Comedian Celeste Barber’s millions raised for the NSW Rural Fire Service can only be used for specific things. Picture: Jay Town
Comedian Celeste Barber’s millions raised for the NSW Rural Fire Service can only be used for specific things. Picture: Jay Town

Celeste Barber’s $51m bushfire fund decision within days

The legal deadlock over how to spend more than $51 million raised by comedian Celeste Barber during Australia's summer bushfire crisis will be broken within a week.

The NSW Rural Fire Service wants to help victims by passing some money to other charities while also using it to support injured fireys and the families of heroes who lost their lives.

But the RFS fears the cash bonanza can only be spent on equipment and training under strict rules, and on Monday sought advice from the NSW Supreme Court.

In January Ms Barber mobilised her 7 million Instagram followers globally to donate the record-breaking sum to the RFS, and the body's barrister said it is "enormously grateful" for their goodwill.

"Ms Barber's appeal was obviously a spectacular success and the donors, citizens of this state, citizens of Australia and more broadly citizens throughout the world were extremely generous in a time of considerable need," Jeremy Giles SC said.

"Our clients will, if within power, give anxious consideration to a fund for injured or fallen volunteer firefighters if to do so were in their power."

Mr Giles said the RFS and Brigades Donations Fund trust want to honour the wishes of Ms Barber, who pledged to help victims from fire-ravaged communities and animals by passing some of the staggering sum onto WIRES, the Red Cross and interstate brigades.

But rules governing the trust dictate that any money in the kitty must only be used to buy and maintain firefighting equipment, provide training and resources, and cover administrative expenses.

The NSW attorney general agrees with the RFS that some of the funds may be spent on physical and mental health training, trauma counselling and other programs to support individual members.

The RFS suspects that relatives of 14 fallen firefighters, or volunteers hurt in the line of duty who need rehabilitation or compensation, cannot be supported with the money under the guidelines.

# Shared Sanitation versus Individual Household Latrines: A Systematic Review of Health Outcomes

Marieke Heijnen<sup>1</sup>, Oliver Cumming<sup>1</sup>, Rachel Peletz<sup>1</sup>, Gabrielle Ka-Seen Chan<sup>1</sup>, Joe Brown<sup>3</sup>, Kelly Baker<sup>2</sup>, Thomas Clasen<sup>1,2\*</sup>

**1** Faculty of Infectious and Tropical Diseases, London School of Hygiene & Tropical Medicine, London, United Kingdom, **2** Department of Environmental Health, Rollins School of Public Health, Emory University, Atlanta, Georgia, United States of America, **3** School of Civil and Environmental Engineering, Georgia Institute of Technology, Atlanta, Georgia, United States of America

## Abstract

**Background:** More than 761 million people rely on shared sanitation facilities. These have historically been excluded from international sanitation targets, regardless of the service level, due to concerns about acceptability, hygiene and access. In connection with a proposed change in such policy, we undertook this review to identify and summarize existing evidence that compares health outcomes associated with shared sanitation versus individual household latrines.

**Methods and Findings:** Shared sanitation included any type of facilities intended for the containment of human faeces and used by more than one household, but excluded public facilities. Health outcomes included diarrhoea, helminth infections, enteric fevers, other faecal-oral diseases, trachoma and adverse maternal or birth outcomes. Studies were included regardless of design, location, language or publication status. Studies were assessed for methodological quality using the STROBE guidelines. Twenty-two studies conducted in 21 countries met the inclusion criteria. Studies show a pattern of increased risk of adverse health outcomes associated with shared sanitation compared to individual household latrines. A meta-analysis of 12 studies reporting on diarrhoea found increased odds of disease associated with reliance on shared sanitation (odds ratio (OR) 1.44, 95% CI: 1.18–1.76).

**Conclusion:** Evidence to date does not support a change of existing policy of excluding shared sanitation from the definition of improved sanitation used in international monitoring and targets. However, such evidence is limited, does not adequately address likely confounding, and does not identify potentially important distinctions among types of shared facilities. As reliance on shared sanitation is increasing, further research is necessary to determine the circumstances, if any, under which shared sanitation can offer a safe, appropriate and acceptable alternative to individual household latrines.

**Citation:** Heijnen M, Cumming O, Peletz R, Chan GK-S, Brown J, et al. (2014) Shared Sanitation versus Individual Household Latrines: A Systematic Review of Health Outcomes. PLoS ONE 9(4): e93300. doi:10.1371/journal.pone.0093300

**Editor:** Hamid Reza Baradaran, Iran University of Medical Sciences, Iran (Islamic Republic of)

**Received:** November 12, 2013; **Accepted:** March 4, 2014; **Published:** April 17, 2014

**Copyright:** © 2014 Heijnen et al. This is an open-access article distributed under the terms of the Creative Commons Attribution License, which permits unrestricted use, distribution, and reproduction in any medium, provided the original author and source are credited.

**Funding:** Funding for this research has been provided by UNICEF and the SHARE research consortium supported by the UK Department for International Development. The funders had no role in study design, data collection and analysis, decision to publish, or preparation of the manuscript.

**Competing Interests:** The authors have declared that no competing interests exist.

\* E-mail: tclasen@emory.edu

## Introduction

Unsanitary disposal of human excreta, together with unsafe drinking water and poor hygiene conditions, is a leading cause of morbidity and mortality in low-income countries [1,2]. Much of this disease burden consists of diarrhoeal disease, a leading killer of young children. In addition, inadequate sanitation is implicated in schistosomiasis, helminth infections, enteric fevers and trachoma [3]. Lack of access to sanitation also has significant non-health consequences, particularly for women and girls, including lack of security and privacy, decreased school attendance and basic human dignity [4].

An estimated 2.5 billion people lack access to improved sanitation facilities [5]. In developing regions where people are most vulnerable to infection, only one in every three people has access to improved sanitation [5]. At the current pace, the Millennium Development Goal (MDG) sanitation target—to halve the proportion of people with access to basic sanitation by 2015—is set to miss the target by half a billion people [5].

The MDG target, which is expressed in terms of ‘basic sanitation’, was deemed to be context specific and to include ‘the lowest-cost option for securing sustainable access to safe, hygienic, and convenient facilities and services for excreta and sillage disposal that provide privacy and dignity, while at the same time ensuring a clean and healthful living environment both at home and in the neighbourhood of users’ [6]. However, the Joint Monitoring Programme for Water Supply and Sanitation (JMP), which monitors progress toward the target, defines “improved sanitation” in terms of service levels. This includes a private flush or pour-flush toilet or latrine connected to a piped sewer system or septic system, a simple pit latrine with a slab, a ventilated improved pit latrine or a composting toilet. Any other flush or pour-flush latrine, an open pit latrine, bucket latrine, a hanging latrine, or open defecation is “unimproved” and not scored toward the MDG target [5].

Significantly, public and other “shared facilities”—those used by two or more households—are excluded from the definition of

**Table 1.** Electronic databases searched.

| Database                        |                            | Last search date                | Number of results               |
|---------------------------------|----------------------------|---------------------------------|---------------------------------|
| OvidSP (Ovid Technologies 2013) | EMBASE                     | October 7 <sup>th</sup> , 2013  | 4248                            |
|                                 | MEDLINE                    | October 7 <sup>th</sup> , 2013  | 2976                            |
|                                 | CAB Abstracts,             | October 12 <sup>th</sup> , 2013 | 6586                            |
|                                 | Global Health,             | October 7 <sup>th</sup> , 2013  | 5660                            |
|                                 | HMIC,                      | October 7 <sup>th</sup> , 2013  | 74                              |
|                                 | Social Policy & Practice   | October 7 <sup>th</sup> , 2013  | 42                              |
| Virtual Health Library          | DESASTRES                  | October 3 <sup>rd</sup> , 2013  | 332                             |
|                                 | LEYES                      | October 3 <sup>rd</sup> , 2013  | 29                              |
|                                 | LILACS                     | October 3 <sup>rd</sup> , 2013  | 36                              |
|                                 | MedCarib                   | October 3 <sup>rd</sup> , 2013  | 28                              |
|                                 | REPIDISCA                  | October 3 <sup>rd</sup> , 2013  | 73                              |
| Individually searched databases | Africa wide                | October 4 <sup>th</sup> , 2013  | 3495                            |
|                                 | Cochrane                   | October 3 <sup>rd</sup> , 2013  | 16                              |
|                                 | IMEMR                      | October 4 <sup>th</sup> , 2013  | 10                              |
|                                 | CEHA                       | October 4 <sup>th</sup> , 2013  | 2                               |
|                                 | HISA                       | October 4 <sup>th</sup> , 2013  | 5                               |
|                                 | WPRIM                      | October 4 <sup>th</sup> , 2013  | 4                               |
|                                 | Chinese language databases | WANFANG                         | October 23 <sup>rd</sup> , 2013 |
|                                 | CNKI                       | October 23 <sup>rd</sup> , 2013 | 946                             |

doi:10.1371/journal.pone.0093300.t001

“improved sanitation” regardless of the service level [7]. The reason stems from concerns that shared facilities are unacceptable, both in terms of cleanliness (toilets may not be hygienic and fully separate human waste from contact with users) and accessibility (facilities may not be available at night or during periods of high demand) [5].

But the attorney general believes such assistance could be used to encourage more volunteers and thus could technically be permitted.

"This case is not about the worthiness of possible allocations of trust funds. All of them are worthy," barrister Peter Singleton said.

Both the RFS and the attorney general believe the money is not allowed to be shared with other charities or interstate brigades.

But Justice Michael Slattery noted the NSW RFS was assisted by interstate and overseas brigades during the unprecedented blazes, some of whom also died.

Ms Barber hoped to help people whose homes burned down, and the RFS also said the cash could be spent on temporary accommodation, food and water for victims, "but only during and in the immediate aftermath of fires."

Justice Slattery hopes to deliver judgment by early next week at the latest.

"I know the funds are there and people want to use them, that's obviously a priority," he said.

Ms Barber's online campaign went viral and received donations from around the world, including from Hollywood's elite.

The 38-year-old's initial fundraising target was $30,000 but within four days Ms Barber had raised $33 million, which then swelled to $52 million - the largest single fundraiser in the history of Facebook.

Ms Barber, whose in-laws lost their home, was hailed for having more impact on the bushfire crisis than most politicians.

It culminated in the Tweed Heads local hosting the huge Fire Fight Australia concert in February.